Sports

Temporary stadium plan could boost Boston’s bid

Boston 2024 chairman Steve Pagliuca said hosting the Olympics “will leave Boston a lot better off and be very transformational for us.”
Aram Boghosian for The Boston Globe
Boston 2024 chairman Steve Pagliuca said hosting the Olympics “will leave Boston a lot better off and be very transformational for us.”

The gleaming marble horseshoe that Athens built when the Olympics were revived in 1896 still is in use. So are the stadia that Paris employed when it hosted the Games in 1900 and 1924. Melbourne, which is likely to bid for 2028, is considering renovating its storied Cricket Ground from 1956.

Historically the main stadia that are the centerpieces of the Summer Games are preserved and updated for decades as national legacies. Except for White City Stadium, the 1908 London site that was demolished in 1985, none has been torn down except to be replaced by a larger venue with modern amenities.

But were Boston to be awarded the 2024 edition, the temporary 69,000-seat facility proposed for Widett Circle in South Boston would be used for less than a baseball season before being dismantled like a triple-decked Erector Set and moved elsewhere.

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The demountable stadium is a novel option under the IOC’s Agenda 2020, which has given host cities unprecedented flexibility in venue choices. The International Olympic Committee, which will choose the 2024 host in September 2017, now considers maximum use of existing facilities or temporary venues as positive aspects of a bid.

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“I think the new approach would be to say, well, if this works for you and we have a stadium for the Games, fine,” said IOC member Dick Pound, a Montreal attorney whose city needed three decades to pay for the stadium that it built for 1976.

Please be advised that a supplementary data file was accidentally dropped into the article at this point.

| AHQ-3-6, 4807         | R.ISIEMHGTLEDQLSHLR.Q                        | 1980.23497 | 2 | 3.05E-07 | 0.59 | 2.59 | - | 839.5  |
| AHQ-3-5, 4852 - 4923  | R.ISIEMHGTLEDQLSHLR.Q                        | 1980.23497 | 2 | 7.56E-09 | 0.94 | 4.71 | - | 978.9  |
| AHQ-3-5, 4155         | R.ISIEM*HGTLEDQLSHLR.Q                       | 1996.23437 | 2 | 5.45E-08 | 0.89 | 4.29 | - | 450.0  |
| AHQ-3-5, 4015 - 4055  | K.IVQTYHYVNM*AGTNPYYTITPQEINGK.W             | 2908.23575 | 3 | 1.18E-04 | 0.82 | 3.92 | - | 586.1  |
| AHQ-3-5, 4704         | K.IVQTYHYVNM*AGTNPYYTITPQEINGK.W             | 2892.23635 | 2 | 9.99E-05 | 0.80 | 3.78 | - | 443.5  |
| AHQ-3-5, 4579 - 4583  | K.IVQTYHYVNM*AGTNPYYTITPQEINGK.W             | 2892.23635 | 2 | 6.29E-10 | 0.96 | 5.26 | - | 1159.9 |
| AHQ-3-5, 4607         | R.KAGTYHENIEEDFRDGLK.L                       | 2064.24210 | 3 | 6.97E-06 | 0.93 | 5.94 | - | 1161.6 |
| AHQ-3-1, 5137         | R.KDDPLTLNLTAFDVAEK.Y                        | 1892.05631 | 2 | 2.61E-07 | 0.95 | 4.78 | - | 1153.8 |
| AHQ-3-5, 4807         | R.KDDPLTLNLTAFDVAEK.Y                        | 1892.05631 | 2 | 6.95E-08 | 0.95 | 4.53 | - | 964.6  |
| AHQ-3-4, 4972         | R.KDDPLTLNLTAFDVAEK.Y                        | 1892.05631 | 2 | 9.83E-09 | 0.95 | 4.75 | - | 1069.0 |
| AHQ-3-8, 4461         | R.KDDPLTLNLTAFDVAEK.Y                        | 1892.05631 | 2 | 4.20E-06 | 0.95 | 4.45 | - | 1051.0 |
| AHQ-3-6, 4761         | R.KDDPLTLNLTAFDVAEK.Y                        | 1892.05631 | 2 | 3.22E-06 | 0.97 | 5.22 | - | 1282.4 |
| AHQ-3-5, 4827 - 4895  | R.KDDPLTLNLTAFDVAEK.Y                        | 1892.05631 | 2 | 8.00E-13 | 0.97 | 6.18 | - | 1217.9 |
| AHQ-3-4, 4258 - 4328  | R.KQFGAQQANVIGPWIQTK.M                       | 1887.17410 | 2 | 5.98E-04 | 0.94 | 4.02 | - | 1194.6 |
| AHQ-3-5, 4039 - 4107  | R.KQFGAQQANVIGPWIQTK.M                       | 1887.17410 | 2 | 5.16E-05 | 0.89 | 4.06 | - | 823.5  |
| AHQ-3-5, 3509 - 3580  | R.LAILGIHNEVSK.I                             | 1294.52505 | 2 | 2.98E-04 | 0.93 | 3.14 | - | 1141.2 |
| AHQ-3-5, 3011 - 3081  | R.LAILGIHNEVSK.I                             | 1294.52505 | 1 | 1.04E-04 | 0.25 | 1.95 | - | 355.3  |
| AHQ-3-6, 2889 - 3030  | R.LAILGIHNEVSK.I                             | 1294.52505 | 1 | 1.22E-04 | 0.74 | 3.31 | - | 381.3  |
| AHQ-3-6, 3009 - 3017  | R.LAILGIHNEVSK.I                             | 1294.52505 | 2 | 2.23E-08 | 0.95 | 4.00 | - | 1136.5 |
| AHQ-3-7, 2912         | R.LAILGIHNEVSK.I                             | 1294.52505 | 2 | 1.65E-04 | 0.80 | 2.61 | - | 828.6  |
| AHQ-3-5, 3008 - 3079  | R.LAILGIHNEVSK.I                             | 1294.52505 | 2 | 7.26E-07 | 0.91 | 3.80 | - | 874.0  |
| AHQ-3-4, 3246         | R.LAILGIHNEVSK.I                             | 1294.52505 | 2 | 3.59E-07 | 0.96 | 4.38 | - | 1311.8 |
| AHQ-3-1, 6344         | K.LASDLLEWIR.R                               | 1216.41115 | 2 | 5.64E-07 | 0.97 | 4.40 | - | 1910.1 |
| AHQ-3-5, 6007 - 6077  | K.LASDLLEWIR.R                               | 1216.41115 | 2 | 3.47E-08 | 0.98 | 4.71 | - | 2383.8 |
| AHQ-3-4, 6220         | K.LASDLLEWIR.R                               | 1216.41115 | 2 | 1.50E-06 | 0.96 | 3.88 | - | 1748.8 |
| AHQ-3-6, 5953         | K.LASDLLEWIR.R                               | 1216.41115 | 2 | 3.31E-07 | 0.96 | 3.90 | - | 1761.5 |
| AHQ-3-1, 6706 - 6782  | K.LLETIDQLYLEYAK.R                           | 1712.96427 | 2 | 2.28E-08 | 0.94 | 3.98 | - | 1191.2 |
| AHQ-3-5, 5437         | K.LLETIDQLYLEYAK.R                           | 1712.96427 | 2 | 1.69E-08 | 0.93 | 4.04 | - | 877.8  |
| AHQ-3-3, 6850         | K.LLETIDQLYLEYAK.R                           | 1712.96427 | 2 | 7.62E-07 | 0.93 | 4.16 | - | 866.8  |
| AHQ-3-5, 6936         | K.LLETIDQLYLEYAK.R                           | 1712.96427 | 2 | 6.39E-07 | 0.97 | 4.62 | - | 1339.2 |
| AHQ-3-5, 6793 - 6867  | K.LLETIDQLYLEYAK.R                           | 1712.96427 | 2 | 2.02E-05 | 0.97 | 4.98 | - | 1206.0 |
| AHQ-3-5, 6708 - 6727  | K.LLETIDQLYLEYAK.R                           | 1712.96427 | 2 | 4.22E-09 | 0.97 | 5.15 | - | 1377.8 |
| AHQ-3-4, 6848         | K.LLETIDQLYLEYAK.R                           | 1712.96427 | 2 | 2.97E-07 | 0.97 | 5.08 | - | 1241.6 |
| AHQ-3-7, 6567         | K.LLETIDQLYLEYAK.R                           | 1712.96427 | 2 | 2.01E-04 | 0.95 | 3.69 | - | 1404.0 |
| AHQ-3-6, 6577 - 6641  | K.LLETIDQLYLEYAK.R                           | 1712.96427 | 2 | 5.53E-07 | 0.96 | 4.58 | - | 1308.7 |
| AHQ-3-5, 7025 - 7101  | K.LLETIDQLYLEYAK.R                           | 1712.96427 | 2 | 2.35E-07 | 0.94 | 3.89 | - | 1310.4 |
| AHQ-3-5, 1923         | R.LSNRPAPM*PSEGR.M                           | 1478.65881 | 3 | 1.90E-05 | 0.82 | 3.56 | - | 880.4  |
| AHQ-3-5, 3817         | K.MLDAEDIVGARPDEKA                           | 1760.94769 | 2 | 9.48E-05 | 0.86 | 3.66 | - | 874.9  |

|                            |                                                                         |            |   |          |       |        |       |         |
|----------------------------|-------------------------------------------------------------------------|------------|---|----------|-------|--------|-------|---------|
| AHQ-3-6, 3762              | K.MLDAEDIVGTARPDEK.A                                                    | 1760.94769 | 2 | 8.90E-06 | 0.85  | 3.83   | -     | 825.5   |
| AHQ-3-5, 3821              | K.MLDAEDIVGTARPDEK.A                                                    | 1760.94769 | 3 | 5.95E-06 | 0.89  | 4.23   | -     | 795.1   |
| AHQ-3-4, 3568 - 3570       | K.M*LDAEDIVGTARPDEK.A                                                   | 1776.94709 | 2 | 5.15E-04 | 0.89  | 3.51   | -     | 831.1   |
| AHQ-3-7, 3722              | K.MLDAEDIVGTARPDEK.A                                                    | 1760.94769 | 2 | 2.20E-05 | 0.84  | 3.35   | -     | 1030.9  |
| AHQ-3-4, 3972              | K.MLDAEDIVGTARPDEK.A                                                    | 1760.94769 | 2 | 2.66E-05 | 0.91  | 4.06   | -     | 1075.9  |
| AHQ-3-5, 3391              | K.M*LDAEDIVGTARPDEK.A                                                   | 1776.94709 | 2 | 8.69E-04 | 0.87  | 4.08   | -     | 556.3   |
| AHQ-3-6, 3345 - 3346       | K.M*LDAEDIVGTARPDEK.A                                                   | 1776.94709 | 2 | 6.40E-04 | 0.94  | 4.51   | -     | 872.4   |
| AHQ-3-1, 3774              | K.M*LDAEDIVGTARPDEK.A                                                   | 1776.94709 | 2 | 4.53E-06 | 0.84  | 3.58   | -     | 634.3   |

Paris and Rome, two of Boston’s bid rivals, already have stadia. Hamburg, which built a soccer facility at the turn of the millennium, plans to create a separate stadium for the Games on an island in the Elbe River.

With the Patriots playing in a 69,000-seat facility in Foxborough that they built in 2002, there’s no need for another stadium of that size in Boston. “The thing that we want to avoid more than anything else is building an expensive permanent stadium that’s unused after the Games,” said USOC chief executive officer Scott Blackmun.

All of the stadia from the four previous Summer Games held in the US still are in use. Francis Field, built for the 1904 event in St. Louis, is home to Washington University’s football team. The Los Angeles Coliseum, the site in 1932 and 1984, is Southern Cal’s football venue and again would have been the main stadium had the city been picked as the American candidate for 2024. And Atlanta, which constructed the Centennial Olympic Stadium for the 1996 Games, turned it into the home of the Braves, who still play there.

An architect's rendering of the proposed Olympic Stadium in the to-be-developed Midtown neighborhood.
Boston 2024
An architect's rendering of the proposed Olympic Stadium in the to-be-developed Midtown neighborhood.
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But stadia built for recent and upcoming Olympics have been burdened with huge cost overruns and either infrequent post-Games usage or expensive transformations for subsequent tenants. Beijing’s oversized Bird’s Nest, which will stage next month’s world outdoor track and field championships, generally is idle and has evolved into a tourist attraction.